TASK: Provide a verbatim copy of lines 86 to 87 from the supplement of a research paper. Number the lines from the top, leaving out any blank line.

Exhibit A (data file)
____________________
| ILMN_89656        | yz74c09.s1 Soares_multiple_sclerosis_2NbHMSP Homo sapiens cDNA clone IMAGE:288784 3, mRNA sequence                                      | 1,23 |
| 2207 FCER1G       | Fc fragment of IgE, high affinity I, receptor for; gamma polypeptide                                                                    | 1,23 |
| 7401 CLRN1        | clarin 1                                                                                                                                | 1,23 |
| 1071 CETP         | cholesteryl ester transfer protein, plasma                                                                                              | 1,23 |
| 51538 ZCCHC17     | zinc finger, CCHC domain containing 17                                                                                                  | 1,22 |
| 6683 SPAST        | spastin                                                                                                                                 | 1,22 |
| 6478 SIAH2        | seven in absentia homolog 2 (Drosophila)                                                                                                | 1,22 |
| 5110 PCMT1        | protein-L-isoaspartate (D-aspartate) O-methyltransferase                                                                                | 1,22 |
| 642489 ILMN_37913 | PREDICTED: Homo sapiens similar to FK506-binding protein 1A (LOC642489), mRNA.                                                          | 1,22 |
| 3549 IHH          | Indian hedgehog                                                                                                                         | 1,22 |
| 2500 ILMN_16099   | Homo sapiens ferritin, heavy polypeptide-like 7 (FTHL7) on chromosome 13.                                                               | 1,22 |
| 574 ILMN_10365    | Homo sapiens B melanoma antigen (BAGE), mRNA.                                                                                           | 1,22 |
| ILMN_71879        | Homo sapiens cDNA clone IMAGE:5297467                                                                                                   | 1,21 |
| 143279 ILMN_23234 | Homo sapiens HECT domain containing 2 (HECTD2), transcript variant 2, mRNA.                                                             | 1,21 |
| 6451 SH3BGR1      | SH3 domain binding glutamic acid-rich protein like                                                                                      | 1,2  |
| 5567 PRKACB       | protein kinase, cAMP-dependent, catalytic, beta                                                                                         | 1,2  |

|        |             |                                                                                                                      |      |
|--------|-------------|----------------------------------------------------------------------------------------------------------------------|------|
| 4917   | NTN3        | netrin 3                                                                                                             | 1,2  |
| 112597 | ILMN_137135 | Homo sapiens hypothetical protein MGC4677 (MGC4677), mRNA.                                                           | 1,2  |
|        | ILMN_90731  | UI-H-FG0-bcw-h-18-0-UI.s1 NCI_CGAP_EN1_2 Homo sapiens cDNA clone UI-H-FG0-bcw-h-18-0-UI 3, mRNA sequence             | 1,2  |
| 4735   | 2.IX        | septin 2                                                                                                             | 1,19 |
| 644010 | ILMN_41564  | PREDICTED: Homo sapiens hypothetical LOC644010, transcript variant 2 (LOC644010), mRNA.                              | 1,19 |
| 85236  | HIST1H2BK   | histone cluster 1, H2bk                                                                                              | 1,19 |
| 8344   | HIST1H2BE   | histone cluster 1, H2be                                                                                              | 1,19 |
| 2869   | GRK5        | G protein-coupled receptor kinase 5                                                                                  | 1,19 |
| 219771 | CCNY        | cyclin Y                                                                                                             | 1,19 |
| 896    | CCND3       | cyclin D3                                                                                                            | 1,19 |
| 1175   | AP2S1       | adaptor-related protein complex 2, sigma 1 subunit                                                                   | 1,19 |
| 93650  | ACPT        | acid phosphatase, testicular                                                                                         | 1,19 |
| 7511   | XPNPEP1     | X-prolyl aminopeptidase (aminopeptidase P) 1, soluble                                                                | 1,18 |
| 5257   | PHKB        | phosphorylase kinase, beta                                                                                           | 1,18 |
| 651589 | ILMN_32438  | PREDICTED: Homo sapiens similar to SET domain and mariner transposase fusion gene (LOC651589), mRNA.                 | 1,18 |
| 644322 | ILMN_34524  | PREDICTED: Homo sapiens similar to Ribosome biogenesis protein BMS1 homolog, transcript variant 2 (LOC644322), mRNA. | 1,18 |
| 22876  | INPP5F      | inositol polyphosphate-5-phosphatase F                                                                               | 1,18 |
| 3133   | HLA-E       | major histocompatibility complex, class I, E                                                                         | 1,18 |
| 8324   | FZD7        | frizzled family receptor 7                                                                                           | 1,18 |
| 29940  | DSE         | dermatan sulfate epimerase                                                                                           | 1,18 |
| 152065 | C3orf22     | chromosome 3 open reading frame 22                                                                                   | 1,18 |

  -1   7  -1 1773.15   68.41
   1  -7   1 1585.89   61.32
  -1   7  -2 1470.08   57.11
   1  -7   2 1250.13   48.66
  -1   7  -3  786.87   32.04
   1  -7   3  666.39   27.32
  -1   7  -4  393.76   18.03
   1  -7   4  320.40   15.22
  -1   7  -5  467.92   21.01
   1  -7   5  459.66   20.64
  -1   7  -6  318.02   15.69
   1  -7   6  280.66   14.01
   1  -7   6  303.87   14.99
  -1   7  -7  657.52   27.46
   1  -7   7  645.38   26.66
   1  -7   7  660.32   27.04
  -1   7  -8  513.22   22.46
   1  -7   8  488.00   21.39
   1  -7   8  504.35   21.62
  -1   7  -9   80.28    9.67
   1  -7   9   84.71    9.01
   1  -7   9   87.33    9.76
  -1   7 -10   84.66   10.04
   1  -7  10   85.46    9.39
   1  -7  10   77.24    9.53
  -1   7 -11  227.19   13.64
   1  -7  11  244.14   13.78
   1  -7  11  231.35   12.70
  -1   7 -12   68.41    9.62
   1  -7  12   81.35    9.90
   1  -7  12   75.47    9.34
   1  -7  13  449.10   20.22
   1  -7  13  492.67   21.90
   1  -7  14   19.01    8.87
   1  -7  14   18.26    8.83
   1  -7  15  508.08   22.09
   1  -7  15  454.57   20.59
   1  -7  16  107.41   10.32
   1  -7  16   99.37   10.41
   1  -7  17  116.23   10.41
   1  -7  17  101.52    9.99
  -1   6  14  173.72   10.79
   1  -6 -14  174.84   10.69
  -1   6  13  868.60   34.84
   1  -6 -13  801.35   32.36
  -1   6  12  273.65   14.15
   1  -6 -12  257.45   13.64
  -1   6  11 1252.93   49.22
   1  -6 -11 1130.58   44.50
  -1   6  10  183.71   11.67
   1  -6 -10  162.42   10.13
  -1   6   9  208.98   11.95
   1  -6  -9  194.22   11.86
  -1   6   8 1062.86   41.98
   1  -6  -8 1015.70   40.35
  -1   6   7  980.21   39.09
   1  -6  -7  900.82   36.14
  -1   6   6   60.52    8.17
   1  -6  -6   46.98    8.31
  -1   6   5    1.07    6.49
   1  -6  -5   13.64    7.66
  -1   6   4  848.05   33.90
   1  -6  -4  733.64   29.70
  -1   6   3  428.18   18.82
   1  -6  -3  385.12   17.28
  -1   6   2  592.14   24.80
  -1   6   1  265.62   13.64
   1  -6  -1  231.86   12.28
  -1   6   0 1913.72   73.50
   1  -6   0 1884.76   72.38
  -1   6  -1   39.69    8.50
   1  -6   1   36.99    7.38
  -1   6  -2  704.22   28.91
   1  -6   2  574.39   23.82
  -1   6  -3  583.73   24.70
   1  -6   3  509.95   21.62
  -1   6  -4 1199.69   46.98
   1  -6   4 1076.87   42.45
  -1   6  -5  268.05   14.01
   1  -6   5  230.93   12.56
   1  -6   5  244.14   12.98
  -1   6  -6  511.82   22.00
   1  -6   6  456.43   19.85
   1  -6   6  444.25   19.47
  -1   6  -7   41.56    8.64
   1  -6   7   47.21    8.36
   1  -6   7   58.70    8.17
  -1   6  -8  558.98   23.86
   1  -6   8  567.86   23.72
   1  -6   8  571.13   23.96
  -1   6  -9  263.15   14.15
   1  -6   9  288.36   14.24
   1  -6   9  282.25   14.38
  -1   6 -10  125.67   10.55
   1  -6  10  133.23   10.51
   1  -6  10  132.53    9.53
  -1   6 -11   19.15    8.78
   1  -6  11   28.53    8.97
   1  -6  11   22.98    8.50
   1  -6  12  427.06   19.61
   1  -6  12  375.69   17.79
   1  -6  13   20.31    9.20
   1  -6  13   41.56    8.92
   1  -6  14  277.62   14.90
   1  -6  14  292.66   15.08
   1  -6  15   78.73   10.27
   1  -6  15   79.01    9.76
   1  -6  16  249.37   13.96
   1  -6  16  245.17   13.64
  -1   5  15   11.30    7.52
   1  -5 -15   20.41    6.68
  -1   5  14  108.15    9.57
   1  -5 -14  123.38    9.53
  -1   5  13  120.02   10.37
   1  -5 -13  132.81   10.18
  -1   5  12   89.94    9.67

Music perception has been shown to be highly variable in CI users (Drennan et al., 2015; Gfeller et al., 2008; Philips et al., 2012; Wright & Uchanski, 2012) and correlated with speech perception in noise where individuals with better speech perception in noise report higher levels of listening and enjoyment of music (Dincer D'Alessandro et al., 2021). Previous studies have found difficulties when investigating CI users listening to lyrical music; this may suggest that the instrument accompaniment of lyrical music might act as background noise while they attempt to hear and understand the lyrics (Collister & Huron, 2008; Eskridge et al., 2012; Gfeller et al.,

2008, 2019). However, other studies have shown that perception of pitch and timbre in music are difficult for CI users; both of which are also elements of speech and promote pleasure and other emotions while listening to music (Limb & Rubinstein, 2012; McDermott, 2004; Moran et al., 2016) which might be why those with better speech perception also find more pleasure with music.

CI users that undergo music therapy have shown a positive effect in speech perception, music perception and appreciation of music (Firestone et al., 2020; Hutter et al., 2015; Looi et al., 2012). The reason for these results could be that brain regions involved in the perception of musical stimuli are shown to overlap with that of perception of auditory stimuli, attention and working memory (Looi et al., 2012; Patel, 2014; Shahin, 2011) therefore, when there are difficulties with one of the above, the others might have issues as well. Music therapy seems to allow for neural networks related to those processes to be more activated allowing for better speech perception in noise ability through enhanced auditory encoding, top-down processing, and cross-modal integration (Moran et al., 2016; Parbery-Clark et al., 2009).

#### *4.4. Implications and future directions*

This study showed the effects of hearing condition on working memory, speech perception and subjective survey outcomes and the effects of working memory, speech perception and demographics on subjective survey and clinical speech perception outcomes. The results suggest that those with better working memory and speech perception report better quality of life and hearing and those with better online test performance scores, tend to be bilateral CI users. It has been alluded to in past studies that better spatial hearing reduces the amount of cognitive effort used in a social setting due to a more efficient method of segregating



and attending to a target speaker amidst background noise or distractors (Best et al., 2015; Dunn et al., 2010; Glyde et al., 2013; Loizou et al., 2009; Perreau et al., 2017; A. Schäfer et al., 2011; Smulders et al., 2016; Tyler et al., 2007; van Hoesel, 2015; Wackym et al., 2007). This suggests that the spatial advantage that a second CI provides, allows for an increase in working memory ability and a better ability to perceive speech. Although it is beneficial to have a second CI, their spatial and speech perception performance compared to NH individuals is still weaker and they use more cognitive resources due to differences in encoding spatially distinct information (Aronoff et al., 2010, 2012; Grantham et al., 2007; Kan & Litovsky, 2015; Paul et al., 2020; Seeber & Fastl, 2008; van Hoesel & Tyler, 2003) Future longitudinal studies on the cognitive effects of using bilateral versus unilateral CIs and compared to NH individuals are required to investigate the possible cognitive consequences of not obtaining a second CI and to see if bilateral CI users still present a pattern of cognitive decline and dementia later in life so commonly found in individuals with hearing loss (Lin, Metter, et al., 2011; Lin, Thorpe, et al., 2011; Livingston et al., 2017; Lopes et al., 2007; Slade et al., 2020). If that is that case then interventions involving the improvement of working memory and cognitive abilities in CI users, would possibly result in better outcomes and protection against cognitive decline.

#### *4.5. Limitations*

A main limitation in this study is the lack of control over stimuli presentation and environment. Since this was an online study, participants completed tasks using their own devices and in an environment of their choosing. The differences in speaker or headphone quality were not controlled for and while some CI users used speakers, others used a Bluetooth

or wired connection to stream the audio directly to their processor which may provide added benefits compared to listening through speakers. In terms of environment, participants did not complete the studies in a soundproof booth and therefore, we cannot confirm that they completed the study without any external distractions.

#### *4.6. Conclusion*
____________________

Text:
   1  -6 -12  257.45   13.64
  -1   6  11 1252.93   49.22